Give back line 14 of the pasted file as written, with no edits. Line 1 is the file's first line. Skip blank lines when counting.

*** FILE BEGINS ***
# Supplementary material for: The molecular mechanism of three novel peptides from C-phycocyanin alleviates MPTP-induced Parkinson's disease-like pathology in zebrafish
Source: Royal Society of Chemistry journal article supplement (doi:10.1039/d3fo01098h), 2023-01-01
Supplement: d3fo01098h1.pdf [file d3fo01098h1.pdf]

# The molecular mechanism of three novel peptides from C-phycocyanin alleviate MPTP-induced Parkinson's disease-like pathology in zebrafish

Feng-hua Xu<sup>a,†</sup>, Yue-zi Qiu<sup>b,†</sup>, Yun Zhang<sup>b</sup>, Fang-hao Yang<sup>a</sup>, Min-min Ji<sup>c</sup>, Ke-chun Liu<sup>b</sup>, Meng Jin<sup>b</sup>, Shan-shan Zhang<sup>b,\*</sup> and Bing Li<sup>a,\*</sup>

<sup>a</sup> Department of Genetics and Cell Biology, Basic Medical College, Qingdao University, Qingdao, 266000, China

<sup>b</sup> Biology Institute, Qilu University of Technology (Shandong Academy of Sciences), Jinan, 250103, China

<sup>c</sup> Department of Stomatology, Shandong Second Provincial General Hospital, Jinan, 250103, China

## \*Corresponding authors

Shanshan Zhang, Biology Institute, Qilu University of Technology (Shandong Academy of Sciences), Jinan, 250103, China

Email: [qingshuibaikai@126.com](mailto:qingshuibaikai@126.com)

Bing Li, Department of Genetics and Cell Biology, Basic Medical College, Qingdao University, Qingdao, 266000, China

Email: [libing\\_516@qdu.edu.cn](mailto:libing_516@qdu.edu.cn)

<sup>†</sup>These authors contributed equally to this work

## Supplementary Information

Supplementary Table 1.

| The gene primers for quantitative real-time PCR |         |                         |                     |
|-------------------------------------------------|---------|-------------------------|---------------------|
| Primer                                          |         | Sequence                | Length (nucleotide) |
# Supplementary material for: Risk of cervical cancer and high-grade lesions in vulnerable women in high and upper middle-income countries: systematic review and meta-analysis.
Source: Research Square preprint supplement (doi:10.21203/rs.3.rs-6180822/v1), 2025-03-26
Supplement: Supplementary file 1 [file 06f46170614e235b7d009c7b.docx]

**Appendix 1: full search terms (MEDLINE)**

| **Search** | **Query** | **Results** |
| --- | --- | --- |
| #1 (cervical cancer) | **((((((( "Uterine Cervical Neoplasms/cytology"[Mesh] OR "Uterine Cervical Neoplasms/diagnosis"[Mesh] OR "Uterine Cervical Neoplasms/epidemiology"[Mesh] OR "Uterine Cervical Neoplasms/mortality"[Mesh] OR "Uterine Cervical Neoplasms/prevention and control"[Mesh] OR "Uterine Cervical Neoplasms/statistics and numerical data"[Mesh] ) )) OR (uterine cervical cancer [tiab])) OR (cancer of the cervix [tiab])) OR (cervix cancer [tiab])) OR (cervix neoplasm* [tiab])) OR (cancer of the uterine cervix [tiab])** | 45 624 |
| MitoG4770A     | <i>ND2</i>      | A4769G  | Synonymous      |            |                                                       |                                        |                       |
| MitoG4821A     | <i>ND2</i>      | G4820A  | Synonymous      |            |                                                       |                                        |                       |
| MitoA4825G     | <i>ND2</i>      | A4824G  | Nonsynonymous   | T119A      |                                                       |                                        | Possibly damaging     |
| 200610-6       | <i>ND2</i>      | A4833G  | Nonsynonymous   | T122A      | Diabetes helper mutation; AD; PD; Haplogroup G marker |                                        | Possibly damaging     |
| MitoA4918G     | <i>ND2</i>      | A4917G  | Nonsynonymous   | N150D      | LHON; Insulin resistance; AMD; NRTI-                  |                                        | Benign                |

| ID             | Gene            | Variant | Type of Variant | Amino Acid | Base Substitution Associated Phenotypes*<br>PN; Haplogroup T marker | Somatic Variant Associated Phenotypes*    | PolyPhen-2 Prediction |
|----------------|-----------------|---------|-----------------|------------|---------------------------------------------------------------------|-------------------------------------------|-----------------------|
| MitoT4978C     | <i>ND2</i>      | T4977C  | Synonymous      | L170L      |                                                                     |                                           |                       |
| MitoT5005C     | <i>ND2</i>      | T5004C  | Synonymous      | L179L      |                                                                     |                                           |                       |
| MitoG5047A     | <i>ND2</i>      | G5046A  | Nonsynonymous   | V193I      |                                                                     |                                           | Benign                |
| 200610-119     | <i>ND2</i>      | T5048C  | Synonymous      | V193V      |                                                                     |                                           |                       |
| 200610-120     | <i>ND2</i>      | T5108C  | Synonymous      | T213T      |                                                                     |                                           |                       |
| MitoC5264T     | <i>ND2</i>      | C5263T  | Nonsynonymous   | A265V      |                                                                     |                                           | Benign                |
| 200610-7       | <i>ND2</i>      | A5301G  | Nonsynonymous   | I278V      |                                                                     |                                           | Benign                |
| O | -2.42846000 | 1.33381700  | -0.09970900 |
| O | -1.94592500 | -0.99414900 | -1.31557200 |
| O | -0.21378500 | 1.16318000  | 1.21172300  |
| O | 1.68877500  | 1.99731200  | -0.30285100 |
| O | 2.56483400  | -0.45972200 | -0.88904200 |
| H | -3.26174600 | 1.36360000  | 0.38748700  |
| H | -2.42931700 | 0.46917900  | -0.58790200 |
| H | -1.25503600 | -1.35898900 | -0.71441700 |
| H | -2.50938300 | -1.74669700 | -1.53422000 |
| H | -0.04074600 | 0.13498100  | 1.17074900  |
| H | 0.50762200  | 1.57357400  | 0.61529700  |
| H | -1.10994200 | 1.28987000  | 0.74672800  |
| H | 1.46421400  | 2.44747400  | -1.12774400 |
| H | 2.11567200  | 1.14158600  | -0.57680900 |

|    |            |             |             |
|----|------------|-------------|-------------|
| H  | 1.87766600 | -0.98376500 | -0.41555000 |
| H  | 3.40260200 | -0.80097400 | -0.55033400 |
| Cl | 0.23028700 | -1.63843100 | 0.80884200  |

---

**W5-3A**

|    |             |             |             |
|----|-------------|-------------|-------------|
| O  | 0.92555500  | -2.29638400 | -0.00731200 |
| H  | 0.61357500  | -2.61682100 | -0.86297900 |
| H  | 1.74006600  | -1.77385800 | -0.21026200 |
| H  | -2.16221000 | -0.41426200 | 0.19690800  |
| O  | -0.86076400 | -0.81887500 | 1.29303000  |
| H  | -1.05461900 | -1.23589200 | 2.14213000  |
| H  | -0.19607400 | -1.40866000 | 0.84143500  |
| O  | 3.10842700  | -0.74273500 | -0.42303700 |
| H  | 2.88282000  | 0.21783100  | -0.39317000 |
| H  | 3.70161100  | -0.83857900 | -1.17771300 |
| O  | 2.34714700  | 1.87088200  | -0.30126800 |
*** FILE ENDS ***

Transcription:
<sup>†</sup>These authors contributed equally to this work